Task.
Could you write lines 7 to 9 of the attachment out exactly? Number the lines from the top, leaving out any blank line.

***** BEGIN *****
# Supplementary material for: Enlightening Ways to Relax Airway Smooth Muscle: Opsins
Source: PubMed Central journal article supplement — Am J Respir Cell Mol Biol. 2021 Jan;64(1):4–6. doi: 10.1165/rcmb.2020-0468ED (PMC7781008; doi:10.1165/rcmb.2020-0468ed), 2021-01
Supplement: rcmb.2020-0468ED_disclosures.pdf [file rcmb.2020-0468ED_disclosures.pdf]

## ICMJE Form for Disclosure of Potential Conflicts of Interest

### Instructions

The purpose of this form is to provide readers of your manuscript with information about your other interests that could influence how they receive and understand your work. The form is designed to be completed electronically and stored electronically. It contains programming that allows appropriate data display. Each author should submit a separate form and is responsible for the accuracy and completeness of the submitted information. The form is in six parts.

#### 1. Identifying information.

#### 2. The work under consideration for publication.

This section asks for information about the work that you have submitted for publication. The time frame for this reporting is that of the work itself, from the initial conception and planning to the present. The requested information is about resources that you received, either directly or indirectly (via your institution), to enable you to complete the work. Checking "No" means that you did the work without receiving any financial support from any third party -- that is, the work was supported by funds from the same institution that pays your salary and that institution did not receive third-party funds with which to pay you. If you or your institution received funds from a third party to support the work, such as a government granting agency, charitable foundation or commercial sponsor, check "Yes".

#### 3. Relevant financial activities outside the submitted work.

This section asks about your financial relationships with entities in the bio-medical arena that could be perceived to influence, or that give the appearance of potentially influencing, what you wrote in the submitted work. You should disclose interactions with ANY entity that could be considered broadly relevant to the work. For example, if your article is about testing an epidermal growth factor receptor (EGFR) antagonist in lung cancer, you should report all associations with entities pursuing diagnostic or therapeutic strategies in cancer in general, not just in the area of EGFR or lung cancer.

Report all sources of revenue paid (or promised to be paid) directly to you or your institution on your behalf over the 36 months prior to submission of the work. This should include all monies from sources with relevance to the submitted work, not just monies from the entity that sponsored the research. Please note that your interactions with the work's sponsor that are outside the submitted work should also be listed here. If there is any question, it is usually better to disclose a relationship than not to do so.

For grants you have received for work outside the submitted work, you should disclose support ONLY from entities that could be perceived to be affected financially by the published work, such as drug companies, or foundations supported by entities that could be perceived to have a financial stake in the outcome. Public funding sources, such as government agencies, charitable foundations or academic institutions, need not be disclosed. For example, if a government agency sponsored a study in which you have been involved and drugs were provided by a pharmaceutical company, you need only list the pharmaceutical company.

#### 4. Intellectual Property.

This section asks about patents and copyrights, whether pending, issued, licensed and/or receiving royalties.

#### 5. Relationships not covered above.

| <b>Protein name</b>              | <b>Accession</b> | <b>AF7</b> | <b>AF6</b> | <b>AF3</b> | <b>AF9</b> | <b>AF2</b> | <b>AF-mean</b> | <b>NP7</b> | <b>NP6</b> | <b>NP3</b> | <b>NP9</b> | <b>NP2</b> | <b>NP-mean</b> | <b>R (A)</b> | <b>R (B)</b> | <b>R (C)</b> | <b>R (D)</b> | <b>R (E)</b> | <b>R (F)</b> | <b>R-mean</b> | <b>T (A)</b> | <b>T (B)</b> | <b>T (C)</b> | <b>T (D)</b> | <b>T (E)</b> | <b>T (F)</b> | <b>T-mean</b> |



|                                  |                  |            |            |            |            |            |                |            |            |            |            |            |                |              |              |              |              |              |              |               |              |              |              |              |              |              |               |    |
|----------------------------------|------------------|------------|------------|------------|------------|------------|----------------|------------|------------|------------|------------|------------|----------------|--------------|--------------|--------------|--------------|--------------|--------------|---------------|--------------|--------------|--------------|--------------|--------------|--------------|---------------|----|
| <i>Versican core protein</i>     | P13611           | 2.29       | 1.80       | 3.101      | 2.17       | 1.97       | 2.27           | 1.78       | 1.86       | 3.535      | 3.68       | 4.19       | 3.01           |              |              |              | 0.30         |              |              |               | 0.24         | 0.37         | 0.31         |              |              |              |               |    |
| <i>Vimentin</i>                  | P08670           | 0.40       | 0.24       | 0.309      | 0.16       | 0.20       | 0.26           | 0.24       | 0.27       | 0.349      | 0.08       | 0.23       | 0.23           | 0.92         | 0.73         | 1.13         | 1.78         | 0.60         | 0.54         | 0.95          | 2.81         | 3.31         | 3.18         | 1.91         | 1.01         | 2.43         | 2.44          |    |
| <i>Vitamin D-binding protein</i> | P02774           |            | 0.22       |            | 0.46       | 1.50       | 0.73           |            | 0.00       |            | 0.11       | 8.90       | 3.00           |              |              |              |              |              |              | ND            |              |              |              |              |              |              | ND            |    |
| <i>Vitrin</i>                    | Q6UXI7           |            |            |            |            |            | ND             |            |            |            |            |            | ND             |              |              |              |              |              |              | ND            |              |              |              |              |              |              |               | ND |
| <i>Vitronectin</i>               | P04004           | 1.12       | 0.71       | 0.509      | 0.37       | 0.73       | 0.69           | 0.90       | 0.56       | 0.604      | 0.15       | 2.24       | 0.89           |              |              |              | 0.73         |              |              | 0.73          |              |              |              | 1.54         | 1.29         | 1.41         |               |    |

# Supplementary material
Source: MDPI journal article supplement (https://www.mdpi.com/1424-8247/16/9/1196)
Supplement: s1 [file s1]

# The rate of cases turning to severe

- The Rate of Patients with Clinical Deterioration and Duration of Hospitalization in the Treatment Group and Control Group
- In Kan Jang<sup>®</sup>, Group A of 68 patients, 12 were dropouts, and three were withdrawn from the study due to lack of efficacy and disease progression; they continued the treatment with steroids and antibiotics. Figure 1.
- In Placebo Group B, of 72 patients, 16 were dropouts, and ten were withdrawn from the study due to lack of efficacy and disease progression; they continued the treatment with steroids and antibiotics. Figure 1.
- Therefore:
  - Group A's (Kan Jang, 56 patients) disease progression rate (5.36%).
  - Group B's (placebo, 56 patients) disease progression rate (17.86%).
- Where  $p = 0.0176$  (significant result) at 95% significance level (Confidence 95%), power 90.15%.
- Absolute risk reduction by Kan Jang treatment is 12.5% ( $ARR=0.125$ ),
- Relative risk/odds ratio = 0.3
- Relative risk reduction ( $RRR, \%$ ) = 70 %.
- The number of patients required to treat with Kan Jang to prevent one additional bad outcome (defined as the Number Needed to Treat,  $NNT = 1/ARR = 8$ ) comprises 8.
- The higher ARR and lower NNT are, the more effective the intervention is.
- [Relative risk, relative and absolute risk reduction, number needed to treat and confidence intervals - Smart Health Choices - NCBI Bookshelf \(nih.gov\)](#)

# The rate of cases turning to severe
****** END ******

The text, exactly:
#### 1. Identifying information.

#### 2. The work under consideration for publication.

This section asks for information about the work that you have submitted for publication. The time frame for this reporting is that of the work itself, from the initial conception and planning to the present. The requested information is about resources that you received, either directly or indirectly (via your institution), to enable you to complete the work. Checking "No" means that you did the work without receiving any financial support from any third party -- that is, the work was supported by funds from the same institution that pays your salary and that institution did not receive third-party funds with which to pay you. If you or your institution received funds from a third party to support the work, such as a government granting agency, charitable foundation or commercial sponsor, check "Yes".